Let’s take look at related discussion this year of China’s external propaganda goals for the “two sessions.”
Borrowing Foreign Voices
One March 8 article in the ACJA series spoke of the tactic of “borrowing strength to fight with strength” (借力打力) – essentially the appropriation of authoritative voices to speak for China. It noted, for example, that in 2010 Xinhua News Agency launched an annual column called “Ambassadors Observing the Two Sessions” (大使看两会), which sought remarks from various foreign ambassadors stationed in China to highlight the country’s development and strengths. According to the ACJA article, this “innovative” approach earned Xinhua the second prize in the International Communication category at the 29th China Journalism Awards in November 2019.
Xinhua’s “innovation” with “Ambassadors Observing the Two Sessions” was simple: Sit foreign ambassadors down for short interviews in which they would offer broad comments about China’s economic development and issues discussed at the “two sessions.” The videos that resulted were complimentary without fail, praising the government and the Chinese Communist Party. Questions were pre-loaded with positive responses. In a 2018 interview, then Spanish Ambassador to China Alberto Carnero Fernández was asked: “What positive impacts has the Belt and Road Initiative had on the countries involved?”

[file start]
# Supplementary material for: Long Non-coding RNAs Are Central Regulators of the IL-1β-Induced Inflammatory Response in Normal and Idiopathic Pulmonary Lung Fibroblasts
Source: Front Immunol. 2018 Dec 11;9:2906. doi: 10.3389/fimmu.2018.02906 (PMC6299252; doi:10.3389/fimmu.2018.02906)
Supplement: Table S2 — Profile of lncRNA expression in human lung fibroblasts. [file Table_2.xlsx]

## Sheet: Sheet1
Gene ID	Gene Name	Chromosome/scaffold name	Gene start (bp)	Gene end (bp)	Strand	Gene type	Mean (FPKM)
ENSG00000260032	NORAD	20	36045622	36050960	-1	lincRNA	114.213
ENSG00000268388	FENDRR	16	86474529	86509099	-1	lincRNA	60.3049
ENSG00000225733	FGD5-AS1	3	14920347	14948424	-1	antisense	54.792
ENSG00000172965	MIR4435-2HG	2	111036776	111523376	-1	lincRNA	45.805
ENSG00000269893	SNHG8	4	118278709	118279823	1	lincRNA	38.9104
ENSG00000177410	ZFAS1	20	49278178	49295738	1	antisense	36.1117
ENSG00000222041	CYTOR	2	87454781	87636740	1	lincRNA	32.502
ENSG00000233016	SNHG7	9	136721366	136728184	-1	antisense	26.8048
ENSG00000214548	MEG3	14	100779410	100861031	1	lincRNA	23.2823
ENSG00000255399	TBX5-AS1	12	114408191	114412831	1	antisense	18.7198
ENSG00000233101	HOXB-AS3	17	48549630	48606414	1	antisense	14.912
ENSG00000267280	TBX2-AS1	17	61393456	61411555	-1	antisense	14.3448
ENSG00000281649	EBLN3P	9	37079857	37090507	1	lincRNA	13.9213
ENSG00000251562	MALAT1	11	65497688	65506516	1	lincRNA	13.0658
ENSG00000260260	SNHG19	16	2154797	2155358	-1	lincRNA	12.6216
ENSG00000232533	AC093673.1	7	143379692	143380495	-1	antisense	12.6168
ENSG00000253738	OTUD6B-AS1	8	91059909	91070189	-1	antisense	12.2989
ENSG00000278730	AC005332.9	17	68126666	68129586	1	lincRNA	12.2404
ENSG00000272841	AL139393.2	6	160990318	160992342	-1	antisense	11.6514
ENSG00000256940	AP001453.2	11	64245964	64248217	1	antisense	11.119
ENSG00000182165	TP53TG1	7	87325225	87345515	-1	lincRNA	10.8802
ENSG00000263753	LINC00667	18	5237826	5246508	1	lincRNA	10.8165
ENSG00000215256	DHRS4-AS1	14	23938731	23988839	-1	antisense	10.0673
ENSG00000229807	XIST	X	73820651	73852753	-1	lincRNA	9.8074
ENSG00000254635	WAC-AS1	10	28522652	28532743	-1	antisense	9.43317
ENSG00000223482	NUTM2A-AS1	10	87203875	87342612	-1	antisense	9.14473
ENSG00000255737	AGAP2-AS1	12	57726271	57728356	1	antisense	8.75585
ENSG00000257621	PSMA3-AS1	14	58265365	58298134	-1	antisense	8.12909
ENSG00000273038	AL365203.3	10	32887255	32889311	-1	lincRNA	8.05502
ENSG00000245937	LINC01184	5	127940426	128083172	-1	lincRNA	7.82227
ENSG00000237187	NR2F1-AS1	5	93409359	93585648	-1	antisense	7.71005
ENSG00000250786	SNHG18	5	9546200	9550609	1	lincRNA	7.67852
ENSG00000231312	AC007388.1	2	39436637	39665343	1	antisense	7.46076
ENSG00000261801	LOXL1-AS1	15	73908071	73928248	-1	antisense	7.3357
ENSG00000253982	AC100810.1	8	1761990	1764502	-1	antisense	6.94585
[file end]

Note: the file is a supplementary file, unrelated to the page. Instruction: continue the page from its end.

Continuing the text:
The ambassador was obligingly positive, stressing the opening of markets, the creation of exchanges between companies in different regions, and “promoting linkages between China and Europe.” This despite real and growing differences in the EU-China relationship, then as now, regarding China’s larger geopolitical ambitions, and the fact that, as a report from the European Parliament noted, “so far the lion’s share of all BRI-related contracts have been awarded to Chinese companies.”